Kroger’s corporate brand program encompasses non-food items as well, but this area is not as fully developed quite yet. Traditional grocery stores have been putting more emphasis on non-foods as the supercenter competition increases, and Kroger, too, recognizes room to grow the breadth of its program.
“Heath and beauty is a great opportunity for us going forward,” Hahn says. “Certainly in the corporate brand arena, it has been an area that has taken longer to develop, but the opportunity is there, and we’re going to put emphasis on that.”
The baby products category features one of Kroger’s nearly two dozen sub-brands, Kroger Comforts. A sub-brand is appropriate in this category, Hahn says, because of consumer expectations, set by the leading brands Huggies, Loves and Pampers. “The category is speaking to what the product provides the user. For us, it would be comfort,” Hahn says. “Everything in this category is projecting a warm feeling, and we want to do that with our product also.”
The baby category is an example where the Kroger Comforts corporate brand has strength enough to be blocked in the merchandising set, a decision that Hahn says is made category by category. “All of our Comforts items are together because we have a very good brand presence and a number of items,” he says. “In other instances, for example dry cereal which has an 80-foot set, we’ll put banner brands to the right of the corresponding consumer product goods item.”
“Fundamentally, we believe that product performance sells product,” Boehm says. “It’s not media, not advertising. If you put the quality into the product — both through customer engagement and product performance — the franchise will grow because customers recognize that.”
Kroger manufactures nearly half of its corporate brand food items in its 42 food processing plants, making products ranging from bread, cookies and milk to soda pop, ice cream, peanut butter and coffee.
“With our own manufacturing, we depend a lot on ingredient suppliers,” Boehm says. “In many of these formulated, recipe-type food products, it’s the ingredient suppliers that are often coming up with the real innovation.”
Kroger presses new product development, staying true to its quality mission and customer-focused approach. “We’re increasingly thinking less about the big brands and more about our customers,” Boehm adds. “We step back and say, ‘what is it that engages customers today?’ That’s a pretty fundamentally different approach to new product development than one that says our mission in life is to knock-off the ‘brands.’”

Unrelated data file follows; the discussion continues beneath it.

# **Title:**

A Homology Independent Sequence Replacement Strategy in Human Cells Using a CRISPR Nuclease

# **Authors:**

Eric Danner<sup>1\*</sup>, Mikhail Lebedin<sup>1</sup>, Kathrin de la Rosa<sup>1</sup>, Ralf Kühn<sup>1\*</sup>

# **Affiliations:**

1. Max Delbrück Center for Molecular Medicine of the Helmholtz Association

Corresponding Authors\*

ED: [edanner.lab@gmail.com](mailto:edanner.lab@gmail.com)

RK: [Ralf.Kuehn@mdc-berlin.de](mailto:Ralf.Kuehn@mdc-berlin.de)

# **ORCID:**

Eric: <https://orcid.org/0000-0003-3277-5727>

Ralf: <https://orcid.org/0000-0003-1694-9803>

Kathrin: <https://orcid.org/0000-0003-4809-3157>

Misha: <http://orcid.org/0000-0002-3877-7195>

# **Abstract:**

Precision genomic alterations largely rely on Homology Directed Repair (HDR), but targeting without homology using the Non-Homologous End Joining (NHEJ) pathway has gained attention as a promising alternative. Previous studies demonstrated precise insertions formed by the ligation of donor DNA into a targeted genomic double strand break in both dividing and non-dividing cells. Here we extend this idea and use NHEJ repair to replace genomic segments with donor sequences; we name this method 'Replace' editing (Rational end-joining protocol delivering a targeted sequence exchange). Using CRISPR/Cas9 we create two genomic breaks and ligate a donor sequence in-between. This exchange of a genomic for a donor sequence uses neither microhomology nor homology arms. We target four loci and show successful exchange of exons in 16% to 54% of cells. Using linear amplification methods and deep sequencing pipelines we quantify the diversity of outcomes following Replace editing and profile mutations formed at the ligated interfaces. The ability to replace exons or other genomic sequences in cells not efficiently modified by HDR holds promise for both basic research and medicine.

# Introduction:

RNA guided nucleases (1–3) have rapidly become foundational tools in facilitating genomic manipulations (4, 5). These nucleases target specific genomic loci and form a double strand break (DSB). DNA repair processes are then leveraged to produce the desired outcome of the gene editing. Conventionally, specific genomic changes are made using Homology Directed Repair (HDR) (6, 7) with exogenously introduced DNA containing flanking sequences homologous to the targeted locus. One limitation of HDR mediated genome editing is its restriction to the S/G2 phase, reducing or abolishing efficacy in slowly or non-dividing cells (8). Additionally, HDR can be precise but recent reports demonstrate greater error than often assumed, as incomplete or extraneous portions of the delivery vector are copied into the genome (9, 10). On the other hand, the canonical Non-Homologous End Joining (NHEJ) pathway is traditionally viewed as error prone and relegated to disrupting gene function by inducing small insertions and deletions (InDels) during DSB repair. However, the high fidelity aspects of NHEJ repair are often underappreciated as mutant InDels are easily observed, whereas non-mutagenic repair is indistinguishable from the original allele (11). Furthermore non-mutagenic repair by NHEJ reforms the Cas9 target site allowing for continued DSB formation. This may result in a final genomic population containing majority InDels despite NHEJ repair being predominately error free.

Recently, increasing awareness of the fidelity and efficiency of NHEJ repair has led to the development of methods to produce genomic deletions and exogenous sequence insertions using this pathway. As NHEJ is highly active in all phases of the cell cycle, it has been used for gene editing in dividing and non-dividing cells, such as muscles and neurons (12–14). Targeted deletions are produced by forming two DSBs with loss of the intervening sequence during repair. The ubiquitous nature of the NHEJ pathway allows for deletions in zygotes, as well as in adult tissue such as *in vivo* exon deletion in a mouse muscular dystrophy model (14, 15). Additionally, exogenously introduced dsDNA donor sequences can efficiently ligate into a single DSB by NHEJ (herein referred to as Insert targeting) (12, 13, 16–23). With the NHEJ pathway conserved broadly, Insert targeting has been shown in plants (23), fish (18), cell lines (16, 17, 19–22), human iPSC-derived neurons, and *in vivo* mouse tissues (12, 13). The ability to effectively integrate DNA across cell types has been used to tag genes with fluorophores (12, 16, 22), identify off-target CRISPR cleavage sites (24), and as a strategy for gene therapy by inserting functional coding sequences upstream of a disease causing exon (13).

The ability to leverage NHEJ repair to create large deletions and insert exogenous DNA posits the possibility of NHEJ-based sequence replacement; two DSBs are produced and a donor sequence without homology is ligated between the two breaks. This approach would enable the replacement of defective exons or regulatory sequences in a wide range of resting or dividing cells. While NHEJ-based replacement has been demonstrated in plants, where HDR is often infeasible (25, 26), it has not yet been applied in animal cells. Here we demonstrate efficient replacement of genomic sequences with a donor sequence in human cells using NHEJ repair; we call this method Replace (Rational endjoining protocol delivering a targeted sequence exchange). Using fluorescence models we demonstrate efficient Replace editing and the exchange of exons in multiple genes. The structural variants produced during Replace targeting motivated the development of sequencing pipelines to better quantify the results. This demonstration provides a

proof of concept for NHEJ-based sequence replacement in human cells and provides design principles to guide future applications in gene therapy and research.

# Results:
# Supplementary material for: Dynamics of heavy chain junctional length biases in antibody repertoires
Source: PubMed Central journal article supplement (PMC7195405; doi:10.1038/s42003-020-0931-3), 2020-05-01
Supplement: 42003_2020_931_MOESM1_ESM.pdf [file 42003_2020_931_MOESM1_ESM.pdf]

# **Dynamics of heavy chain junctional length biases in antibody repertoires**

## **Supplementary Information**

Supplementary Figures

The new product development philosophy and commitment to quality are steadfast within Kroger’s own manufacturing and in its dealings with procured products.
“When we develop a product, whether internally or through a supplier, we hold everyone to the same quality expectations. Everybody plays by the same rules,” Hahn says.
“More than ever, we’re focused on the feedback we get from customers,” Boehm adds. “Everybody gets that feedback, but as an organization, we’re really focused on understanding what customers are saying to us, then responding to it. We measure ourselves in progress along those lines.”
Thanks to its strong manufacturing capabilities — and solid ingredient suppliers — Kroger’s dairy program is very innovative, in particular the ice cream category, which often features items with inclusions and combinations unique to the market.
“The bulk of the dairy section is Kroger brand,” Hahn says. “In virtually every market we have some milk that is from a local dairy, but the bulk of it comes from our own dairies. We do an excellent job with that and the production of yogurt, cottage cheese, sour cream — the entire dairy case.”
Kroger features a “Fresh for Life” campaign to capitalize on some of the dairy industry initiatives, but selling yogurt doesn’t seem to be a challenge these days.
“The yogurt category is growing a lot — we can barely keep this large section stocked,” Hahn says. “When yogurt first came out years ago, it was just plain. Now there are drinks and many innovative flavors.”